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Leaders of Egypt, Tunisia set up Facebook pages

The leaders of Egypt and Tunisia have set up Facebook pages, an apparent attempt to target the youth of their countries.

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An Egyptian anti-government demonstrator sleeps on the pavement under spray paint that reads "Al-Jazeera" and "Facebook" at Cairo's Tahrir square on Feb. 7, 2011 on the 14th day of protests calling for the ouster of President Hosni Mubarak. (Khaled Desouki/Getty Images)

The leaders of Egypt and Tunisia have set up Facebook pages, an apparent attempt to target the youth who effectively harnessed social media to organize regime-ending protests.

The Facebook page of Egypt's new military rulers, dedicated "to the sons and youth of Egypt who ignited the January 25 revolution and to its martyrs," according to AFP, reportedly already has more than 75,000 followers.

And Tunisia's Interior Ministry — which tried to stamp out social networking during the uprising last month against President Zine al-Abidine Ben Ali — is hoping its new Facebook page will help it thaw relations with Tunisian citizens.

The ministry has long feared as an instrument of repression, but days after being set up, the new Facebook site has more than 110,000 subscribers. It contains thousands of posts, according to Reuters, ranging from requests for the dissolution of the political police to a suggestion not to let pushcart salesmen roam freely in the capital.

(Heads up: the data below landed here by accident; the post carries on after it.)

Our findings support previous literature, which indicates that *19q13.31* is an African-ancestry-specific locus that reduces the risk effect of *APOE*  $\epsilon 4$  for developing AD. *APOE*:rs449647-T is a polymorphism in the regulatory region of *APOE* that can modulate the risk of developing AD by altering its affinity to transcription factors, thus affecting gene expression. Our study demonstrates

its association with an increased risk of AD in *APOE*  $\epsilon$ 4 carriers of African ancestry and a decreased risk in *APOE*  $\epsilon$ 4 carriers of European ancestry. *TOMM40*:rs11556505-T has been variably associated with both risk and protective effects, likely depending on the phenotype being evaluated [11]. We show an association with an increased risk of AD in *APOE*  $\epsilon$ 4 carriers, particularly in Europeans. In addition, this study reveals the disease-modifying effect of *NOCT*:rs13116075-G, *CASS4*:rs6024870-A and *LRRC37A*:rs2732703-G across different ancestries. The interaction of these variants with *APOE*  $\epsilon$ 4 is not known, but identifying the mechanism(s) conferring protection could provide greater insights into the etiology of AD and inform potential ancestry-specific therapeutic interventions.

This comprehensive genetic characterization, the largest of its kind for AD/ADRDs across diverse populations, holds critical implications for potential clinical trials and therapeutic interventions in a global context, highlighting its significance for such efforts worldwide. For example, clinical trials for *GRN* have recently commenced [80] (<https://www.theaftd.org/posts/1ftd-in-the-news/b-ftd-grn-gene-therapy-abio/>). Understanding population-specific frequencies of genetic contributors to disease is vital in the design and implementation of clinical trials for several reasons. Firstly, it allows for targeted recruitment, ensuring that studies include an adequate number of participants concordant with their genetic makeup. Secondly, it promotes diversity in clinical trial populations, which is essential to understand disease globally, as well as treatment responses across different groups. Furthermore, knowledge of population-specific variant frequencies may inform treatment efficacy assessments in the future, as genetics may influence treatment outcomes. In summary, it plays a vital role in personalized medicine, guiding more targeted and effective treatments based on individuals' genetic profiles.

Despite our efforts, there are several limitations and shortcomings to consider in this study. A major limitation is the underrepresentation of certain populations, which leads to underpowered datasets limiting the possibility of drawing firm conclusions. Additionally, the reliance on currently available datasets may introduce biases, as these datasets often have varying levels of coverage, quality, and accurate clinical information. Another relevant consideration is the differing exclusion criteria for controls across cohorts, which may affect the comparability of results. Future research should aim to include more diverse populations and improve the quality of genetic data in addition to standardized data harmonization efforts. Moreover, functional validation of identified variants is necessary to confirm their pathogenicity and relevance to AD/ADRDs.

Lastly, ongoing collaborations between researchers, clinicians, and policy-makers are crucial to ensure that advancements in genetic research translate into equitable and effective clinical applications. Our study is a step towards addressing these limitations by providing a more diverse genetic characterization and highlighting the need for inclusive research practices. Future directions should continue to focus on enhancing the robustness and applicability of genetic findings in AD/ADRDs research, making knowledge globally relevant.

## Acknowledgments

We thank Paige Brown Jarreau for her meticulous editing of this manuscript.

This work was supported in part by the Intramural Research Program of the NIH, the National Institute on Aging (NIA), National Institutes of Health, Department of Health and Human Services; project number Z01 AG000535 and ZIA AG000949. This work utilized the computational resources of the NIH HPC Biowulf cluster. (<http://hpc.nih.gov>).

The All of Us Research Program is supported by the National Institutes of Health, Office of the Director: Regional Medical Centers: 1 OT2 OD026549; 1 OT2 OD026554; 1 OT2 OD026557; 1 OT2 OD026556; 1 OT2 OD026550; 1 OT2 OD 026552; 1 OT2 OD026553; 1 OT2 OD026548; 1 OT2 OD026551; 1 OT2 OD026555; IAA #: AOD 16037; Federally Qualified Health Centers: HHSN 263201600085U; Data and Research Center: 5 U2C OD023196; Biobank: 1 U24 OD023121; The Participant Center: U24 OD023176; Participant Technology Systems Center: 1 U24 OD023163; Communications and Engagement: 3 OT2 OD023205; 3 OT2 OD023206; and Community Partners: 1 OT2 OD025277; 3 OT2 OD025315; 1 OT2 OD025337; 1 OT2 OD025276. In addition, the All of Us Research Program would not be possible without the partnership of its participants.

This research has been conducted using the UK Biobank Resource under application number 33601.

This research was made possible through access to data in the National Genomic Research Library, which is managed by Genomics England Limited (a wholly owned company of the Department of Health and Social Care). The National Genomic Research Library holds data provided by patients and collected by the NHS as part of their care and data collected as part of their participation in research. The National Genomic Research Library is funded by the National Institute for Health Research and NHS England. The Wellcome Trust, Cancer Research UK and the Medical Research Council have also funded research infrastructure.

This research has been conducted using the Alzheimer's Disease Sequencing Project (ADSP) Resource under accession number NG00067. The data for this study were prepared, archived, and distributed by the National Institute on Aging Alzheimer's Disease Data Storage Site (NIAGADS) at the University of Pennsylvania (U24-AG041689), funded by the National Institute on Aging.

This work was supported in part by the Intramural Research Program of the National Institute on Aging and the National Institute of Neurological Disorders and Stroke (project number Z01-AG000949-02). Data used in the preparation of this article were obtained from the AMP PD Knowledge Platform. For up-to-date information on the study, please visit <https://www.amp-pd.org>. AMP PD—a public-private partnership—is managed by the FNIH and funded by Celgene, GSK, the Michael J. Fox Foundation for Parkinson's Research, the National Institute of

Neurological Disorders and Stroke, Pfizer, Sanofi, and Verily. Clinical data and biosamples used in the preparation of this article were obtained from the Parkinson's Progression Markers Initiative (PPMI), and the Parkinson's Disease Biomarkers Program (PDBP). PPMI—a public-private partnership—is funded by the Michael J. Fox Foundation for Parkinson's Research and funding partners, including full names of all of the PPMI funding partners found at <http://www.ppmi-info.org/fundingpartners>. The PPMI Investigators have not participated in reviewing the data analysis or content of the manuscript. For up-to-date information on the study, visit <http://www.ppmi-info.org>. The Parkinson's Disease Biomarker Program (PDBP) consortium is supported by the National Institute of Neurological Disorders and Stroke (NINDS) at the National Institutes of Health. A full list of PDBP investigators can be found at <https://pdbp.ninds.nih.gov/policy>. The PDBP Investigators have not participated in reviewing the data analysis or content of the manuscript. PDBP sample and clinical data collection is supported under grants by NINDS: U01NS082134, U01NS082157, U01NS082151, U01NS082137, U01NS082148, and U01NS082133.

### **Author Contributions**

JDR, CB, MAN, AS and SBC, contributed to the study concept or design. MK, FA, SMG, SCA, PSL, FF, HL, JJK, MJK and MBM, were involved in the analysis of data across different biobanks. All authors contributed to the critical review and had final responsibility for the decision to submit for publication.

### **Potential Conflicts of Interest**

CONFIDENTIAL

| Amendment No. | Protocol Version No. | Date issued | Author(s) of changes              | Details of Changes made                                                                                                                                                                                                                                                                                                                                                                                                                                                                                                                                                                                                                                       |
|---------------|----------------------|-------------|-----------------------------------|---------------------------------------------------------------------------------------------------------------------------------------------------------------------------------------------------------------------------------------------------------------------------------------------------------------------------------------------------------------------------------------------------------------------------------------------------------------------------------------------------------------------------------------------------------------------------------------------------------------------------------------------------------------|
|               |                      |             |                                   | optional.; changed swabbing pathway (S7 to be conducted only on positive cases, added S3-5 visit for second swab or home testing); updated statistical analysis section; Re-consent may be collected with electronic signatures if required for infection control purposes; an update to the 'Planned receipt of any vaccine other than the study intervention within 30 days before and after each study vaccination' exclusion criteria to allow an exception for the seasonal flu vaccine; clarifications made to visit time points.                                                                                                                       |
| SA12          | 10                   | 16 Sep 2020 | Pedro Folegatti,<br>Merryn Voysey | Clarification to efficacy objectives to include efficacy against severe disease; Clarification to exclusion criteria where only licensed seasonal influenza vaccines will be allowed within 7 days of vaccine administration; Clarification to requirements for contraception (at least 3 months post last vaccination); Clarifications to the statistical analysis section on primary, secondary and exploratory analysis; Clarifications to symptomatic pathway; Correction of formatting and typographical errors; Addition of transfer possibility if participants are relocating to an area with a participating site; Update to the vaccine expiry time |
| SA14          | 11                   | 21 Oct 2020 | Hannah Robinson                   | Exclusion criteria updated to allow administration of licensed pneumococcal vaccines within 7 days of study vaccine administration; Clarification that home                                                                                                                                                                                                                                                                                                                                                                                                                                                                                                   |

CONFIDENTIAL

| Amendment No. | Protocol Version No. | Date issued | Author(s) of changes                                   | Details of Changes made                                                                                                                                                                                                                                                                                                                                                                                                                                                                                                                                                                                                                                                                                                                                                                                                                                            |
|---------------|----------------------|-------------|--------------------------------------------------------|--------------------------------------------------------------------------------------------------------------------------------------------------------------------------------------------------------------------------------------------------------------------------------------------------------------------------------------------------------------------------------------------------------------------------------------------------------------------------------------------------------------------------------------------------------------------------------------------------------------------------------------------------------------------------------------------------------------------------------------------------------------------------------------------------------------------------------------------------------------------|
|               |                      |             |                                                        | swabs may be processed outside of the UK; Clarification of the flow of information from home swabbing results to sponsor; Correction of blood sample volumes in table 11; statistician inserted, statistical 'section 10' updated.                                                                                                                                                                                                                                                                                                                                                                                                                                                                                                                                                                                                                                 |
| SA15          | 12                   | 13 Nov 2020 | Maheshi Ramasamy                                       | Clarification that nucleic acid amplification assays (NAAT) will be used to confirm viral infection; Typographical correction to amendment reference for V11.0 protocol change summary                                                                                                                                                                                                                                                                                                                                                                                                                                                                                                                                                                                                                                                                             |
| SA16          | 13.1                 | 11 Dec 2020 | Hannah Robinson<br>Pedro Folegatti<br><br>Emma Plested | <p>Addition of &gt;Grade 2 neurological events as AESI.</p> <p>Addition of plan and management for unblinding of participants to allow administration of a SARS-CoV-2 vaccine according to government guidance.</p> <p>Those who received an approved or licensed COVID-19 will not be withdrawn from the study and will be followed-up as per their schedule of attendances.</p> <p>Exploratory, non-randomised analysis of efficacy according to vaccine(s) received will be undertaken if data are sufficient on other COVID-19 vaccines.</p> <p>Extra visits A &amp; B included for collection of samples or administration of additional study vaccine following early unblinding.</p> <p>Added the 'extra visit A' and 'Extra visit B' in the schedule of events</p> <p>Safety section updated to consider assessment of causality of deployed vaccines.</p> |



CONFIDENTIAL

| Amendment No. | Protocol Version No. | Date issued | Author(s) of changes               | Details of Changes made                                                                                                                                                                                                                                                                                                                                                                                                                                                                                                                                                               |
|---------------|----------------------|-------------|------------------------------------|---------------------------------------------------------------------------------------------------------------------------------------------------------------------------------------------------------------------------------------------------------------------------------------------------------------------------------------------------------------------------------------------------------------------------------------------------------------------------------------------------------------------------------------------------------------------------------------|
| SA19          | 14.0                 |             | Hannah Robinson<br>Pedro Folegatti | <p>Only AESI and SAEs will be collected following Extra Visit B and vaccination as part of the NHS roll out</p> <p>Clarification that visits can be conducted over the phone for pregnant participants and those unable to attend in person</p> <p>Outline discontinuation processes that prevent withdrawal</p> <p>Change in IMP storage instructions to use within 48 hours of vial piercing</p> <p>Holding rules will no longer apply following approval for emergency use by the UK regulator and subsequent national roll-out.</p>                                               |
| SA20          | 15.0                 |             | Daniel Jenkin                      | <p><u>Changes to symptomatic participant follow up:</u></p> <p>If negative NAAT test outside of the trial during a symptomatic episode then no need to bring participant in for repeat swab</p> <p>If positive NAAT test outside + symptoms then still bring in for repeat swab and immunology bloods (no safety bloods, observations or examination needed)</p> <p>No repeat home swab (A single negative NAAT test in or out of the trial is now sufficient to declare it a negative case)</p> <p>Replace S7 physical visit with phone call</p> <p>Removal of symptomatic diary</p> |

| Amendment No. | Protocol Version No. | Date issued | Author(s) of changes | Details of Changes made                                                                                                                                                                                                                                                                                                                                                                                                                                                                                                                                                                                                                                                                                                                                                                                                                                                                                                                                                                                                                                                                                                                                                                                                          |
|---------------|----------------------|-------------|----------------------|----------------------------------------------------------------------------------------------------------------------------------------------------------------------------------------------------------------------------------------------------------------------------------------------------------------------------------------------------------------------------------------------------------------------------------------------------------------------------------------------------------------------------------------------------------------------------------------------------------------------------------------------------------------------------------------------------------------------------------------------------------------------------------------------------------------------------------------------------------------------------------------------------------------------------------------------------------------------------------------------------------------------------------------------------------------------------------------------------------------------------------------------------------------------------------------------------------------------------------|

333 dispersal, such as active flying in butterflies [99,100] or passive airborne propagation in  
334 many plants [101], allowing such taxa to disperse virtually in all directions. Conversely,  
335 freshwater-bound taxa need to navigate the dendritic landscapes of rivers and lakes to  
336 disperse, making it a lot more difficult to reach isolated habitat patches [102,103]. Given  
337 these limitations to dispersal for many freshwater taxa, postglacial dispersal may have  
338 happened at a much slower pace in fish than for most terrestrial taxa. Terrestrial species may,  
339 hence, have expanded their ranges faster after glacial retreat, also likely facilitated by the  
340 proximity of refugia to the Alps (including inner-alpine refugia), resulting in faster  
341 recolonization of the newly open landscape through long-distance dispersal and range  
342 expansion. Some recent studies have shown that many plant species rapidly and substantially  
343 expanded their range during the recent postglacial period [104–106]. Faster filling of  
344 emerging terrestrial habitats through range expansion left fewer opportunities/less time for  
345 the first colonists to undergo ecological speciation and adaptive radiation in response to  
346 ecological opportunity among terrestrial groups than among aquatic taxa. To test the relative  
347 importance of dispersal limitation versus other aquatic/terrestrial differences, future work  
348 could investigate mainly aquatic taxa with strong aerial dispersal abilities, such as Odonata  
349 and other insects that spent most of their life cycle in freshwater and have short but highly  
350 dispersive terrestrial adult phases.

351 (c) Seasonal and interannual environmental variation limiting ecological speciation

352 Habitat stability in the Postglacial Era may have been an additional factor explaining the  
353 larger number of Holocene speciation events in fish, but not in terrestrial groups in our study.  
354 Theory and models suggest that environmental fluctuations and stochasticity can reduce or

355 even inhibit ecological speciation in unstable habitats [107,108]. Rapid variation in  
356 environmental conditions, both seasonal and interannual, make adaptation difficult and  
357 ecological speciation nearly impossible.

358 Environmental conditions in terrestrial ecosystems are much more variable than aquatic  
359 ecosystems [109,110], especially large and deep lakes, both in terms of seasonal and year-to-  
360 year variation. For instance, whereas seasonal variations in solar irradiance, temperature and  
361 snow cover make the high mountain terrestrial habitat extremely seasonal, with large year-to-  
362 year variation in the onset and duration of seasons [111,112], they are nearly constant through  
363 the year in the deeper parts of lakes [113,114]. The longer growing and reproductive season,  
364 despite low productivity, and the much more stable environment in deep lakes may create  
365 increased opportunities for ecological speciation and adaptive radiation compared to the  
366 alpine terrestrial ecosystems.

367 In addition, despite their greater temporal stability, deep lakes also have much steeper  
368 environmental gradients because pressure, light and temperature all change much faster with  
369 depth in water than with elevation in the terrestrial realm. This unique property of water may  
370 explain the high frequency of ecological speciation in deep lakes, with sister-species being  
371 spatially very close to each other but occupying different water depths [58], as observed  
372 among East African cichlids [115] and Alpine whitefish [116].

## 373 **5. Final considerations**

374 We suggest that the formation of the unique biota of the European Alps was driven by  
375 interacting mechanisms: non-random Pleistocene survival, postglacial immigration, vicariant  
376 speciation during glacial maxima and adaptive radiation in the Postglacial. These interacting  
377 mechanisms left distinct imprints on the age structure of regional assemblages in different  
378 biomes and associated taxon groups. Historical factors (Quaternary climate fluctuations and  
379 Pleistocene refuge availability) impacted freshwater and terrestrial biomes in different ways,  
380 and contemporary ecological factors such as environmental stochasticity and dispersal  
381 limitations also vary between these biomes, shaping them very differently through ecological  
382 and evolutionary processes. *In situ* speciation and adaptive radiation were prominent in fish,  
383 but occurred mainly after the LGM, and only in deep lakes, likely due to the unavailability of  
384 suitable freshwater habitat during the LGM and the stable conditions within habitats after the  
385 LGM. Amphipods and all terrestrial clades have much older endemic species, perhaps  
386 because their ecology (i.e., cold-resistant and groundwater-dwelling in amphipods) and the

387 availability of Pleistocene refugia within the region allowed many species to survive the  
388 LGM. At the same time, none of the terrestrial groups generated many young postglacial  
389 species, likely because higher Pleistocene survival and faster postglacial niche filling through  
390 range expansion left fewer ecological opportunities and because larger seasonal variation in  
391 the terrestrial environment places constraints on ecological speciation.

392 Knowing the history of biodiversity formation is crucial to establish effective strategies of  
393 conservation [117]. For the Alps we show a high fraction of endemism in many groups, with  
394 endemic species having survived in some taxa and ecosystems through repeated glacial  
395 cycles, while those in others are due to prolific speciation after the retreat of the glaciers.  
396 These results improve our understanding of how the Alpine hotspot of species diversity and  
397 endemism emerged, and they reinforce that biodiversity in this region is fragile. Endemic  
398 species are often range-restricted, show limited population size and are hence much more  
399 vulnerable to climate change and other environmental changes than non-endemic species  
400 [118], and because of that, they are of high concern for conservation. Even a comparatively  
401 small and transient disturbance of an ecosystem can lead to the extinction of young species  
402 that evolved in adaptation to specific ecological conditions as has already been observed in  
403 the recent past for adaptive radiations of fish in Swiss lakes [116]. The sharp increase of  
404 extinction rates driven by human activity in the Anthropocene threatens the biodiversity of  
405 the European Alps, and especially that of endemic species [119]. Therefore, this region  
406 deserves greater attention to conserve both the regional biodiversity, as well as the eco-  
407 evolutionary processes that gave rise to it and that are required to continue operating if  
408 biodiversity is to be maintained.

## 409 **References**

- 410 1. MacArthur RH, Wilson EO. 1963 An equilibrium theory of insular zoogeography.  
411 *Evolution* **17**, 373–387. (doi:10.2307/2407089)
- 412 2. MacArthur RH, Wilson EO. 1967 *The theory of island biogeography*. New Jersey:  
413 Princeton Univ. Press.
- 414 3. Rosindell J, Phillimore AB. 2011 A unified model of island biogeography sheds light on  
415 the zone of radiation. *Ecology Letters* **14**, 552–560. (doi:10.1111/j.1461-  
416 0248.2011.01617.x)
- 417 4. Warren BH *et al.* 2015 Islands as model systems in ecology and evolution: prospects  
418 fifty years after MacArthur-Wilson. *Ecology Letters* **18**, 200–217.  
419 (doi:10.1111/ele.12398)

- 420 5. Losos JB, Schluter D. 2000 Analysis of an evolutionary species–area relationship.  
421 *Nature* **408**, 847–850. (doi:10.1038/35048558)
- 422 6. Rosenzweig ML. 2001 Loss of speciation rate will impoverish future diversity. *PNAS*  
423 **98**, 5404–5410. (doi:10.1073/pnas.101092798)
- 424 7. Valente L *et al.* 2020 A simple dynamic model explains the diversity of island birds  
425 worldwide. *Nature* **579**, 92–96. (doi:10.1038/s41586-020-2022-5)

"We want to create a new way to communicate with Tunisians, that provides total transparency and instant information," a spokesman for the ministry told Reuters on Friday. "We're very interested in the opinion of people on Facebook and we're trying to listen to all Tunisians."

In Egypt, the Supreme Council of the Armed Forces, in setting up a page, followed the example of the Egyptian Interior Ministry, which first set up a Facebook page to counter public accusations of corruption and non-transparency and widespread anger over the way it treated protesters at the outbreak of the demonstrations last month.

Facebook, Twitter and other social networking sites were reportedly blocked at the height of the uprising, largely orchestrated by the Egyptian youth, who used social media to organize demonstrations.

The page of Egypt's new military rulers has extremely high traffic, which is unusual for governmental Facebook pages and which Fast Company says is suggestive of how highly social networking sites are valued by the young Egyptians.

The wall consists of posts affirming the importance of #jan25 movement protesters and stating the Egyptian military's role in safeguarding reform.

The most recent post on the Facebook page received 4,500 comments within 24 hours. User comments show a wide range of responses that seem to indicate the uncertainty felt in post-revolution Egypt.

http://www.globalpost.com/dispatch/egypt/110218/facebook-egypt-military-yemen-tunisia-libya